The divergent positions being canvassed on the proposed constitution amendment by various ethnic nationalities, political elites and religious groups underscore the increasing gap between the North and the South
When the National Assembly, NASS, resumes from recess in September, they will begin what many people see as their most sensitive assignment – constitutional amendment. It will not be the first time the 1999 Constitution will be amended; indeed it will be the fifth alteration of the 12-year-old Constitution. However, what makes this one volatile is because of the issues that the NASS will attempt to resolve. These are issues that touch the core areas considered to be responsible for the nation’s existence, perpetual disharmony, conflict, corruption and underdevelopment.
Basically, the NASS is targeting 16 broad areas. Ike Ekweremadu, deputy Senate president and chairman, Senate Committee on Constitution Review, disclosed that the committee has received 109 memoranda and 56 requests for state creation.
These memoranda were processed and harmonised into 16 critical areas for consideration: devolution of powers; creation of more states; adoption of the six geo-political structure; role for traditional rulers; local government autonomy; removal from the constitution of Land Use Act, National Youth Service Corps, NYSC, and Code of Conduct Acts; fiscal federalism; boundary adjustments; and the removal of the immunity clause. Others are: state and local government police; independence of the judiciary; tenure of the executive; power rotation; gender equality; mayoral status for Abuja; and residency opportunities.
Before he left office recently, Justice Dahiru Musdapher, immediate past chief justice of Nigeria, CJN, sent in a bill to the NASS for judicial reforms. He has proposed a total of 52 alterations in the Constitution, as it affects the judiciary, to guarantee financial autonomy and remove obsolete provisions. The Justice Alfa Belgore committee set up by President Goodluck Jonathan to harmonise recommendations of different bodies also submitted its report that will inform the executive bill to the NASS.
On their own part, the NASS has been holding retreats on the imminent amendment. They have advertised 16 areas and invited groups and individuals to send memoranda to the Committee on Constitution Review. The major socio-cultural organisations in the country have submitted their memoranda accordingly, stating what they want and how. The whole country is expectant.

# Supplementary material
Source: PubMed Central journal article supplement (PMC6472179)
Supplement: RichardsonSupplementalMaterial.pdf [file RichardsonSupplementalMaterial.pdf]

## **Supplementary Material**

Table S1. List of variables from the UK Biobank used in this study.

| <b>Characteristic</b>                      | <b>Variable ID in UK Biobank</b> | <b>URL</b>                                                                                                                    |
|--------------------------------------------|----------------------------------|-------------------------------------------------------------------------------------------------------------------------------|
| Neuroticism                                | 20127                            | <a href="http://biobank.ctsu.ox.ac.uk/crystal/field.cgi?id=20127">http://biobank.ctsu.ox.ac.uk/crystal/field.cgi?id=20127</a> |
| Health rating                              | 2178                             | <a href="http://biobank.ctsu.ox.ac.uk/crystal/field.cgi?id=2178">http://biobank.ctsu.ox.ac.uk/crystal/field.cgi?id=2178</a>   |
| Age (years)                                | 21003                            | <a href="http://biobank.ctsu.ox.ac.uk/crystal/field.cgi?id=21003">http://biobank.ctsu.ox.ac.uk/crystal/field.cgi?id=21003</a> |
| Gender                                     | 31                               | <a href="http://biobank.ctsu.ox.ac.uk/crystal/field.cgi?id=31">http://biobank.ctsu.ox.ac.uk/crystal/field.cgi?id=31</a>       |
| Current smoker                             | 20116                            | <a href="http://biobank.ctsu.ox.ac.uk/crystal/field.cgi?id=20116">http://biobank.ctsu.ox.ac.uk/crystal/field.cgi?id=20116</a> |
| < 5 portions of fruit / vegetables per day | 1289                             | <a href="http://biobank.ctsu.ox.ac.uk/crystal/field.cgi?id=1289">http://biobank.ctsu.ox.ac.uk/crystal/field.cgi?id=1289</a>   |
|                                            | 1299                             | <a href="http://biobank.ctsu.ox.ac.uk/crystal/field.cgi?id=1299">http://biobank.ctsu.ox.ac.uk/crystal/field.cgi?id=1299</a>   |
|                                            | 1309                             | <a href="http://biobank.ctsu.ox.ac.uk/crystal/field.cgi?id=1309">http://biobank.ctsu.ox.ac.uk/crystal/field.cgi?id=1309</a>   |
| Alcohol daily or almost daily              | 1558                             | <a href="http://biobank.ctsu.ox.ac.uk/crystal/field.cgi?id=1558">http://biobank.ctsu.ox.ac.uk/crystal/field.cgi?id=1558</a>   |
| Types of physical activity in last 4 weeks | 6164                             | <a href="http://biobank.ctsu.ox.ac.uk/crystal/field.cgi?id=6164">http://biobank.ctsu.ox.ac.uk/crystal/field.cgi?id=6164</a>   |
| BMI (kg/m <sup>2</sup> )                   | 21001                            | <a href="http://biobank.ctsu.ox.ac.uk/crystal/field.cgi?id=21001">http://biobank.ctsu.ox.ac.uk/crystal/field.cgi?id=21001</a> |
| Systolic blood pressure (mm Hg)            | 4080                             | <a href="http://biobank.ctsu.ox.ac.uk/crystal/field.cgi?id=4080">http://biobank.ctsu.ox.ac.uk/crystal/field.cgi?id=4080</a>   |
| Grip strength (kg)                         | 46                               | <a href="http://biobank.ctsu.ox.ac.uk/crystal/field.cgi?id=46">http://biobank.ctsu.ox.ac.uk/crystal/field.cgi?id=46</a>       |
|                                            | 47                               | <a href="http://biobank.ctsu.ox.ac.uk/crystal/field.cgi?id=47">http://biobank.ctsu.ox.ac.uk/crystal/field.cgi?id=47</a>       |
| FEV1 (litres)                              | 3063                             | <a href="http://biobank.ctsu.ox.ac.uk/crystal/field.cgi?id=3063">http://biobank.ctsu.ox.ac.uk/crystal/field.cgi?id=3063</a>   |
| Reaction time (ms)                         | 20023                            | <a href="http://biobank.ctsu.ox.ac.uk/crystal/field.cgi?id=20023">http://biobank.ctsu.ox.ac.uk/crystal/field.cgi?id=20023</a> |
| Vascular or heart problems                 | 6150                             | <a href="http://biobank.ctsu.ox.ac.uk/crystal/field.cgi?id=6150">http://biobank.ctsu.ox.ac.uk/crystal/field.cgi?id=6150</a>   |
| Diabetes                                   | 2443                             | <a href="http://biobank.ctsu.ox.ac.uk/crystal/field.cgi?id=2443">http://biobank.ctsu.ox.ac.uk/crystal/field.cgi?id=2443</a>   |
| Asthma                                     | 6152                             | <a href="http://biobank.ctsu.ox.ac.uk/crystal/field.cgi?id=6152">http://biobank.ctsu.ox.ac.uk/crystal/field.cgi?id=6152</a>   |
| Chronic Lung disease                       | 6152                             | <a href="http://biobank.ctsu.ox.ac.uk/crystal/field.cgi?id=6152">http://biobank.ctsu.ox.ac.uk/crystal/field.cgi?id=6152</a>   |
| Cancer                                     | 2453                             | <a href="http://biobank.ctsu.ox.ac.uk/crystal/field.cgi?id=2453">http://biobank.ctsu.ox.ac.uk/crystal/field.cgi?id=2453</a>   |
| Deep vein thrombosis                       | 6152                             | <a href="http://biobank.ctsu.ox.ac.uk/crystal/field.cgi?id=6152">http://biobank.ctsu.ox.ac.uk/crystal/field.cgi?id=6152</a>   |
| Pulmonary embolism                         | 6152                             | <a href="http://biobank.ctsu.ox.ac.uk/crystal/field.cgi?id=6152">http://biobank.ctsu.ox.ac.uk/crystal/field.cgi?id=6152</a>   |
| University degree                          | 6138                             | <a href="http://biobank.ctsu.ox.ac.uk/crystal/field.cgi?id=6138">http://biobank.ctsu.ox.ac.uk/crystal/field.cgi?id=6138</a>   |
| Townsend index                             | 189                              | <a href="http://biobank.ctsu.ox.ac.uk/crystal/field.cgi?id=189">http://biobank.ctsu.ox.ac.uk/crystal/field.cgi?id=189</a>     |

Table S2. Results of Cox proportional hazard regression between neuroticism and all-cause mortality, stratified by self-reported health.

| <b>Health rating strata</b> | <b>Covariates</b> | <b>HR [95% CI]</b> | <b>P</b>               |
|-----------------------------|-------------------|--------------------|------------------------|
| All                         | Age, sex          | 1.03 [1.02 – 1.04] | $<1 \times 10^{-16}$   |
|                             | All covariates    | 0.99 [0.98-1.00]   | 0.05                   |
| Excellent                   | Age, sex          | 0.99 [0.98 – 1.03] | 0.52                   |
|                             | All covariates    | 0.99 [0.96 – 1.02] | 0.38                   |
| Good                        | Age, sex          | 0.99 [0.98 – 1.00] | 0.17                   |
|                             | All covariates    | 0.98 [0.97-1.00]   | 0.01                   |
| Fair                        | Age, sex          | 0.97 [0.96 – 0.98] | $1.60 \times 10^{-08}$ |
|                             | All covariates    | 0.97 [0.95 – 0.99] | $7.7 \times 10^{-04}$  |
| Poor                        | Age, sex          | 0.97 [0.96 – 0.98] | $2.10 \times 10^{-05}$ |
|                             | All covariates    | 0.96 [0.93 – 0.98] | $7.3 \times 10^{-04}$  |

However, about five issues may test the will of the legislature in this exercise. These are: fiscal federalism, tenure of the president and governors, rotational presidency, state police and citizenship rights. In 2006 the NASS threw out all the 104 proposed amendments due to the fear of then President Olusegun Obasanjo’s third term agenda. The same scenario might repeat itself because of the increasing insecurity in the country and group fears. The divergent positions of various people and groups across the country show a deepening gulf between the elites in the North and South.
For some people, the report of the 1994/1995 National Constitutional Conference, NCC, midwifed by the Sani Abacha junta, remains the solution to Nigeria’s instability and perennial conflicts. The conference sat for exactly one year, from June 26, 1994 to June 26, 1995, seen as a reasonable time to discuss and ponder over many thorny issues that affect the Nigerian polity.
Alex Ekwueme, a former vice president and leader of the Igbo delegation to the conference, insists that the death of Abacha before that report was promulgated into law robbed Nigeria of a perfect solution to the core issues of nationhood. It was to come into effect on October 1, 1998. For Ndigbo and the South-south people, the way forward is to adopt the report of that conference which is seen by them as the most appropriate response to the problems afflicting Nigeria. However, what marred the report, which was to be enacted as 1995 Constitution, was the boycott of the conference by the South-west because of the June 12 saga.
The document recognised the six geo-political zones now being widely used. It provided for a diffusion of federal executive responsibility. In addition to the offices of president and vice president and ministers, the ill-fated constitution equally provided for the offices of prime minister and deputy prime minister. This was to ensure that each geo-political zone was represented at the presidency. Apart from power rotation, it also provided a five-year single term for governors and presidents.